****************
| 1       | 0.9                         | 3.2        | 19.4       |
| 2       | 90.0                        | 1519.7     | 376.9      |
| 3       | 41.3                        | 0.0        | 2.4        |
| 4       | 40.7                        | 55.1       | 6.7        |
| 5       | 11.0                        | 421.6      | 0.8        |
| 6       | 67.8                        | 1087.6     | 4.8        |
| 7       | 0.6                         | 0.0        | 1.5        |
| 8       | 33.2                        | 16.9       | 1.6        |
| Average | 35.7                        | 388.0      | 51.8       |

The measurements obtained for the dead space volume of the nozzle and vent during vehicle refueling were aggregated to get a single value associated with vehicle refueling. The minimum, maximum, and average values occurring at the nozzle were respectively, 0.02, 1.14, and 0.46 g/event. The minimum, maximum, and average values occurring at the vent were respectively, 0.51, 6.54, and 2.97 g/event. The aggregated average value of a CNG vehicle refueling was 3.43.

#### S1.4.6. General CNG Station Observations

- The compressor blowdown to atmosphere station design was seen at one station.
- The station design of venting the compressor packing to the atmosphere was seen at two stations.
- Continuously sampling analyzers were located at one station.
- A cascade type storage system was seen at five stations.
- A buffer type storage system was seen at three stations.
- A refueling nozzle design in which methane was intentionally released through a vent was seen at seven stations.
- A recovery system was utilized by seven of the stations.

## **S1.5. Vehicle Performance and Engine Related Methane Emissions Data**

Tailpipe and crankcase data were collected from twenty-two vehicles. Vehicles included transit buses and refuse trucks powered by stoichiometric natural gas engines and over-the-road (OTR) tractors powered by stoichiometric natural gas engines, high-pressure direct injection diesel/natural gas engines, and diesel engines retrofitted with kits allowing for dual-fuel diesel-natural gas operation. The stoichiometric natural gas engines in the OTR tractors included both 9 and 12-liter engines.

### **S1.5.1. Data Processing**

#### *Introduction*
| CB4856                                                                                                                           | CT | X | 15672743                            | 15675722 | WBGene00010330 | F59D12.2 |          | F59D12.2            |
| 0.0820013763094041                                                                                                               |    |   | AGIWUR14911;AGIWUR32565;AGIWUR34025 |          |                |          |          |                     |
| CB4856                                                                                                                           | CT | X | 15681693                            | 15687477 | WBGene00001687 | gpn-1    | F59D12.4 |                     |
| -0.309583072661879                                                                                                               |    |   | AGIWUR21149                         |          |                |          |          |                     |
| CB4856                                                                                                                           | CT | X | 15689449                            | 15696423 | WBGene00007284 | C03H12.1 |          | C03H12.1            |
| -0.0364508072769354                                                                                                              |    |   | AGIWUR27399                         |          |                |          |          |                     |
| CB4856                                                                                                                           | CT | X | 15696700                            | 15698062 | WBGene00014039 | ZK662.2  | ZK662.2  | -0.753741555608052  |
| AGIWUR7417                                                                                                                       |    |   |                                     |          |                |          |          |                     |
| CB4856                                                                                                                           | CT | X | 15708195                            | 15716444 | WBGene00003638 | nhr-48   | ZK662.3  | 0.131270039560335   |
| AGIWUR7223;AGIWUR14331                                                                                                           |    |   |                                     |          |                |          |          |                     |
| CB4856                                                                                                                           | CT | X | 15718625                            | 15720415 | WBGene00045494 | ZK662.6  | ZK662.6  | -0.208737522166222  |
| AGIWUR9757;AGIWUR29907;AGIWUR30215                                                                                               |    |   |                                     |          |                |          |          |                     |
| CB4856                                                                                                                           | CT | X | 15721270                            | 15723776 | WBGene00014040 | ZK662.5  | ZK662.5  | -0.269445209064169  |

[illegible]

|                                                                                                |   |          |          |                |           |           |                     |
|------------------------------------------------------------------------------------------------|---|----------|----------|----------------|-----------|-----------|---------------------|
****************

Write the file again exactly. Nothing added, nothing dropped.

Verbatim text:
| 1       | 0.9                         | 3.2        | 19.4       |
| 2       | 90.0                        | 1519.7     | 376.9      |
| 3       | 41.3                        | 0.0        | 2.4        |
| 4       | 40.7                        | 55.1       | 6.7        |
| 5       | 11.0                        | 421.6      | 0.8        |
| 6       | 67.8                        | 1087.6     | 4.8        |
| 7       | 0.6                         | 0.0        | 1.5        |
| 8       | 33.2                        | 16.9       | 1.6        |
| Average | 35.7                        | 388.0      | 51.8       |

The measurements obtained for the dead space volume of the nozzle and vent during vehicle refueling were aggregated to get a single value associated with vehicle refueling. The minimum, maximum, and average values occurring at the nozzle were respectively, 0.02, 1.14, and 0.46 g/event. The minimum, maximum, and average values occurring at the vent were respectively, 0.51, 6.54, and 2.97 g/event. The aggregated average value of a CNG vehicle refueling was 3.43.

#### S1.4.6. General CNG Station Observations

- The compressor blowdown to atmosphere station design was seen at one station.
- The station design of venting the compressor packing to the atmosphere was seen at two stations.
- Continuously sampling analyzers were located at one station.
- A cascade type storage system was seen at five stations.
- A buffer type storage system was seen at three stations.
- A refueling nozzle design in which methane was intentionally released through a vent was seen at seven stations.
- A recovery system was utilized by seven of the stations.

## **S1.5. Vehicle Performance and Engine Related Methane Emissions Data**

Tailpipe and crankcase data were collected from twenty-two vehicles. Vehicles included transit buses and refuse trucks powered by stoichiometric natural gas engines and over-the-road (OTR) tractors powered by stoichiometric natural gas engines, high-pressure direct injection diesel/natural gas engines, and diesel engines retrofitted with kits allowing for dual-fuel diesel-natural gas operation. The stoichiometric natural gas engines in the OTR tractors included both 9 and 12-liter engines.

### **S1.5.1. Data Processing**

#### *Introduction*
| CB4856                                                                                                                           | CT | X | 15672743                            | 15675722 | WBGene00010330 | F59D12.2 |          | F59D12.2            |
| 0.0820013763094041                                                                                                               |    |   | AGIWUR14911;AGIWUR32565;AGIWUR34025 |          |                |          |          |                     |
| CB4856                                                                                                                           | CT | X | 15681693                            | 15687477 | WBGene00001687 | gpn-1    | F59D12.4 |                     |
| -0.309583072661879                                                                                                               |    |   | AGIWUR21149                         |          |                |          |          |                     |
| CB4856                                                                                                                           | CT | X | 15689449                            | 15696423 | WBGene00007284 | C03H12.1 |          | C03H12.1            |
| -0.0364508072769354                                                                                                              |    |   | AGIWUR27399                         |          |                |          |          |                     |
| CB4856                                                                                                                           | CT | X | 15696700                            | 15698062 | WBGene00014039 | ZK662.2  | ZK662.2  | -0.753741555608052  |
| AGIWUR7417                                                                                                                       |    |   |                                     |          |                |          |          |                     |
| CB4856                                                                                                                           | CT | X | 15708195                            | 15716444 | WBGene00003638 | nhr-48   | ZK662.3  | 0.131270039560335   |
| AGIWUR7223;AGIWUR14331                                                                                                           |    |   |                                     |          |                |          |          |                     |
| CB4856                                                                                                                           | CT | X | 15718625                            | 15720415 | WBGene00045494 | ZK662.6  | ZK662.6  | -0.208737522166222  |
| AGIWUR9757;AGIWUR29907;AGIWUR30215                                                                                               |    |   |                                     |          |                |          |          |                     |
| CB4856                                                                                                                           | CT | X | 15721270                            | 15723776 | WBGene00014040 | ZK662.5  | ZK662.5  | -0.269445209064169  |

[illegible]

|                                                                                                |   |          |          |                |           |           |                     |
|------------------------------------------------------------------------------------------------|---|----------|----------|----------------|-----------|-----------|---------------------|